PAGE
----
The limitations of conservative therapy are widely expressed in the literature. We sought to focus on data that include patients with infertility as their primary rationale for seeking conservative therapy. Two large studies displayed promising reproductive outcomes following progestogen treatment. Gallos, et al. performed a systematic review and meta-analysis of 451 women that had fertility-sparing treatment for endometrial carcinoma or complex hyperplasia with atypia. Assisted fertility treatment was performed for 145 patients with a resulting live birth rate of 39.4% . The remaining 309 cases were assumed to be seeking conception naturally and had a live birth rate of 14.9% . This study encouraged both attempting conception with assisted reproductive technology or naturally due to low recurrence rates and promising live birth rates . The authors emphasized immediate need for IVF-ET treatment in order to reduce time to pregnancy and reduce the risks of recurrence . In addition, IVF-ET is associated with higher pregnancy and delivery outcomes much like our approach to the patients in our case series . Wei, et al. conducted a review and meta-analysis looking into the live birth rates after different treatment modalities used after conservative management . Live birth rates were 20%, 14%, 35% when oral progestin (medroxyprogesterone acetate and megestrol acetate), IUD and progestin plus IUD were used respectively .
In contrast, reproductive outcomes display more discouraging results in a recent large cohort study conducted in 2019 which included 421 patients diagnosed with endometrial cancer and complex endometrial hyperplasia with atypia who received fertility-sparing treatment . The resulting live birth rate was only 11.6% . Although only 15.5% of the cases were treated with assisted fertility services, 50% of the total live birth rate resulted from these cases . They proposed that women affected by endometrial carcinoma and/or its precursors have inherent risks for lower reproductive potential as a result of their disease . However, the purpose of these studies was not to specifically evaluate patient outcomes in the setting of infertility. In addition, the above studies cannot delineate between patients who chose conservative therapy for the sole indication of pregnancy. This alone can impact the reported live-birth rate and success in achieving pregnancy following treatment of endometrial carcinoma and complex hyperplasia with atypia.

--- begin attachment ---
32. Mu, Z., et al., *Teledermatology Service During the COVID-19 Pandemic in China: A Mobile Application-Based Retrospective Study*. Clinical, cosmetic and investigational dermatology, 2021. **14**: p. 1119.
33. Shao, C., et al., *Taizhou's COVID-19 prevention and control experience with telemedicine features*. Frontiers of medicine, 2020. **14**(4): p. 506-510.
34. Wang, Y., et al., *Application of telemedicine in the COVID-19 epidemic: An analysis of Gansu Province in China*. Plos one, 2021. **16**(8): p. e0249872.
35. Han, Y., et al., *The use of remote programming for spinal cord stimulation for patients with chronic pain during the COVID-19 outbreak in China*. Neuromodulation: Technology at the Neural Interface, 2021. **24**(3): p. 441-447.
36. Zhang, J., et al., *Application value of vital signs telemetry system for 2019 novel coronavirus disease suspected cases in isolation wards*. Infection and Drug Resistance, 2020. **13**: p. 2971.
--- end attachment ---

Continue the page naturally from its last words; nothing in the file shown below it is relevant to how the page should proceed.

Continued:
On a smaller scale, there are reports of pregnancy outcomes concentrating on infertile patients which more strongly reflect the implications of our case series. Dursun, et al. investigated pregnancy outcomes in 41 patients with endometrial carcinoma. The pregnancy rate among the 31 patients who were actively seeking pregnancy was 41.9%. Conception occurred naturally in 2 (15.4%) patients and via assisted reproductive technologies in 11 (84.6%) patients . These studies support the notion that infertility services maximize the chance of a successful pregnancy while shortening the interval from disease remission to conception. When considering IVF treatment along with the impact of endometrial carcinoma on fertility outcomes, Elizur, et al. evaluated eight infertile patients and the success of IVF-ET in the setting of endometrial adenocarcinoma . A large proportion of their patients had anovulatory cycles, which is comparable to our patient population . Out of 8 patients who underwent IVF-ET, six conceived. they noted a 28% pregnancy rate per cycle and 29% pregnancy rate per embryo transfer. 50% of patients (4/8) delivered healthy infants . It is also worthwhile to note that the treatment effects may have an impact on reproductive potential during ART . Some studies found that endometrial thickness itself can affect implantation rates [16,17]. Fujimoto, et al. found that transferring more embryos resulted in comparable live-birth outcomes to their controls . To our knowledge, there are no specific guidelines in terms of the number of embryos to be transferred in such patients to improve pregnancy rates. One case series illustrated that patients required more IVF cycles when the endometrial lining measured less than 8 mm but with comparable live birth rates .
Our results are supported by the findings of similar infertility studies mentioned above [12,15]. Our study limitations include a small sample size, lack of long-term follow-up following infertility treatment and possible confounders. The strengths of our case series include our patient population whose characteristics may be generalizable to the premenopausal population who are affected by endometrial carcinoma but who wish to pursue pregnancy.
In conclusion, conservative management of endometrial carcinoma and its precursor lesions followed by IVF-ET have favorable outcomes in patients desiring fertility. Previous studies have reported that assisted reproductive technology was superior to achieving a pregnancy when compared to spontaneous conception . We believe that careful selection of appropriate candidates for expectant management, along with thorough counseling and shared decision making is crucial to achieve the most optimal outcomes. We especially recommend the use of IVF, to shorten the duration between disease diagnosis and definitive management with hysterectomy in order to reduce risks of disease recurrence or progression. Further studies will expand the available literature and allow us to better predict the likelihood of positive reproductive outcomes. Further research is needed to provide established guidelines specific to IVF such as the optimal number of embryos transferred and risks of disease recurrence. In addition, specific research may be beneficial investigating the disease impact as well as treatment modalities upon endometrial thickness which can also impact pregnancy success rates.